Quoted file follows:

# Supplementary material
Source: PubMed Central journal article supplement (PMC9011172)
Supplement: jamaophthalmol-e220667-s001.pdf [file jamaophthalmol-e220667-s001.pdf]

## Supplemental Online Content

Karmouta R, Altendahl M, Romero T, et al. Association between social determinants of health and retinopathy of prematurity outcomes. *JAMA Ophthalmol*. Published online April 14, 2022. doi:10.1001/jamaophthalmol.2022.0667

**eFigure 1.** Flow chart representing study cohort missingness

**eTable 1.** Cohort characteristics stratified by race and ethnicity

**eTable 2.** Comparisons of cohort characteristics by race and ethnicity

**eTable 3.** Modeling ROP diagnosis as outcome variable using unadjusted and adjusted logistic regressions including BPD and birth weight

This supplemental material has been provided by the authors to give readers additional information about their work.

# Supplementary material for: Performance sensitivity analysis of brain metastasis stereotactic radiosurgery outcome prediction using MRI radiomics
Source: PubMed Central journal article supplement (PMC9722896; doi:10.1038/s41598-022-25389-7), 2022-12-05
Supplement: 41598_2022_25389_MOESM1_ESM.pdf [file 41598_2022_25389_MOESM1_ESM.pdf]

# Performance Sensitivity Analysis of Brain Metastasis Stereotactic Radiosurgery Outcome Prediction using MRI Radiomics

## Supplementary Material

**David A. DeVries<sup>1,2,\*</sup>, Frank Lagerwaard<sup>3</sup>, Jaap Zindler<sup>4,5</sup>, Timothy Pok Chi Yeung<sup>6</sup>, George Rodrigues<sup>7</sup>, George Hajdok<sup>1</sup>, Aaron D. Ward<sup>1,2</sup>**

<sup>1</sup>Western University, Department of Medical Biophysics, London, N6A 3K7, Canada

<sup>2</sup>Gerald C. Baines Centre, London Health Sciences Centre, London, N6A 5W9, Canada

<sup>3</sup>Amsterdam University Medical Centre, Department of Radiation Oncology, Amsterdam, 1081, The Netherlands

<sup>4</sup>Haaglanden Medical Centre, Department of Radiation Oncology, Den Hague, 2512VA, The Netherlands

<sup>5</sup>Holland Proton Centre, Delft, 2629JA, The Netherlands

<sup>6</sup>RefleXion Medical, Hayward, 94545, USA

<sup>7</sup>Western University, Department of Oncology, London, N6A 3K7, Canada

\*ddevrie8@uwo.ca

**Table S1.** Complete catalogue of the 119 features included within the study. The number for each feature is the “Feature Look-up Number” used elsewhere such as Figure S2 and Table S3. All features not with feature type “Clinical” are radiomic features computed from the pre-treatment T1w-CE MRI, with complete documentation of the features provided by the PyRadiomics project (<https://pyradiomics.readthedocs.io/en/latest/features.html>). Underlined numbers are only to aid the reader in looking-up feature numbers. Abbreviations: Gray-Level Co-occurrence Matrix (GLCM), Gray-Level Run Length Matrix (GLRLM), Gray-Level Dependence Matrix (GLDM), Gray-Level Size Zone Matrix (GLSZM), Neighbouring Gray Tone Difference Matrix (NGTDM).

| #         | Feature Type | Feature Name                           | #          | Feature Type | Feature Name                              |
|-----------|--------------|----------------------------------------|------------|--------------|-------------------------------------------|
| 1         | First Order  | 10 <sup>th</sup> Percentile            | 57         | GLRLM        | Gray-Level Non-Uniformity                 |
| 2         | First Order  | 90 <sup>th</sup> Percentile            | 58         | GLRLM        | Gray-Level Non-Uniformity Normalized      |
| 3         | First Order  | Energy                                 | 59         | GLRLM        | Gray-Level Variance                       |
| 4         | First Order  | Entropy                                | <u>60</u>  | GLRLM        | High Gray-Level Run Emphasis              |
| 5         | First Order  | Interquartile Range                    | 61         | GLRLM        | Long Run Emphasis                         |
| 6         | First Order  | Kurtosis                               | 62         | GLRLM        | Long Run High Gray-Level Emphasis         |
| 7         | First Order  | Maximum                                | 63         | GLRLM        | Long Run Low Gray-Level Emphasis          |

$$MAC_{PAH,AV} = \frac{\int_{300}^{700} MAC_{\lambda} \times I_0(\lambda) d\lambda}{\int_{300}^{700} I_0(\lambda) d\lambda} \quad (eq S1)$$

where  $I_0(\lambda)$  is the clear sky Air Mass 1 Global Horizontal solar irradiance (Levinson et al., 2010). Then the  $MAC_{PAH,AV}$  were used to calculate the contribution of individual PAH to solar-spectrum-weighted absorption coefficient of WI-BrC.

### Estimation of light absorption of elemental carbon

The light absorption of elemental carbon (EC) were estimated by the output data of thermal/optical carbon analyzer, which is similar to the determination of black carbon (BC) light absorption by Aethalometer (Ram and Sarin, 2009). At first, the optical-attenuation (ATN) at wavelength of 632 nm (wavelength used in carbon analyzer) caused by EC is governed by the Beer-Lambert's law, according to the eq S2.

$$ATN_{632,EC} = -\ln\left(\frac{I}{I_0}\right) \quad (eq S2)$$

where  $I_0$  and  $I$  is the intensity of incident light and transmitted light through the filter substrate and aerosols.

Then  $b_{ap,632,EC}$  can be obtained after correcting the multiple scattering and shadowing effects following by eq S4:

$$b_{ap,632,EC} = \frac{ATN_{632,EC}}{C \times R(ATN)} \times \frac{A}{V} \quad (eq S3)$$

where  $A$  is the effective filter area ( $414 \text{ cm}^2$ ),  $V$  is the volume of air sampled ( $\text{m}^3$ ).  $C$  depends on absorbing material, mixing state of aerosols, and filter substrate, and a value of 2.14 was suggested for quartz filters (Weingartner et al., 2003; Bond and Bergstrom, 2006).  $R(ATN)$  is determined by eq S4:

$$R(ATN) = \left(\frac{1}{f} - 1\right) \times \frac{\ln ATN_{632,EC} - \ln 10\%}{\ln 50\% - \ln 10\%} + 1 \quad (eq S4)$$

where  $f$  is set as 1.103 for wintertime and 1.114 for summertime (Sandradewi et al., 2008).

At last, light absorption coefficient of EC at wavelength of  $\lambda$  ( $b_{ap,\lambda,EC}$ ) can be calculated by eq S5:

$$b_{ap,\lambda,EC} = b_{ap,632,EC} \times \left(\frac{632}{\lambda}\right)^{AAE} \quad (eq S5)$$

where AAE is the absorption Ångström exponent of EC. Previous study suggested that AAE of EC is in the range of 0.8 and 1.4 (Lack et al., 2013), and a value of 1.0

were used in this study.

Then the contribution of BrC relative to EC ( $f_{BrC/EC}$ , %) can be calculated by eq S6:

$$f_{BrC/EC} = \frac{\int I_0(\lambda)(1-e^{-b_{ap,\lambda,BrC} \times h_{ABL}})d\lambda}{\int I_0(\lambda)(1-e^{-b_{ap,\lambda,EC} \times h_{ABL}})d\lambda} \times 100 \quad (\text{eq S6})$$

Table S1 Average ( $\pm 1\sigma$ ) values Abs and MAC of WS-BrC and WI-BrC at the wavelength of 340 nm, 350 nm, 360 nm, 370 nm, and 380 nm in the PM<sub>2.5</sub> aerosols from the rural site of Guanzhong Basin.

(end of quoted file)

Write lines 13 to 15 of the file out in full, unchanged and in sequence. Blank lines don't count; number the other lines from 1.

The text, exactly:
Supplement: 41598_2022_25389_MOESM1_ESM.pdf [file 41598_2022_25389_MOESM1_ESM.pdf]

# Performance Sensitivity Analysis of Brain Metastasis Stereotactic Radiosurgery Outcome Prediction using MRI Radiomics

## Supplementary Material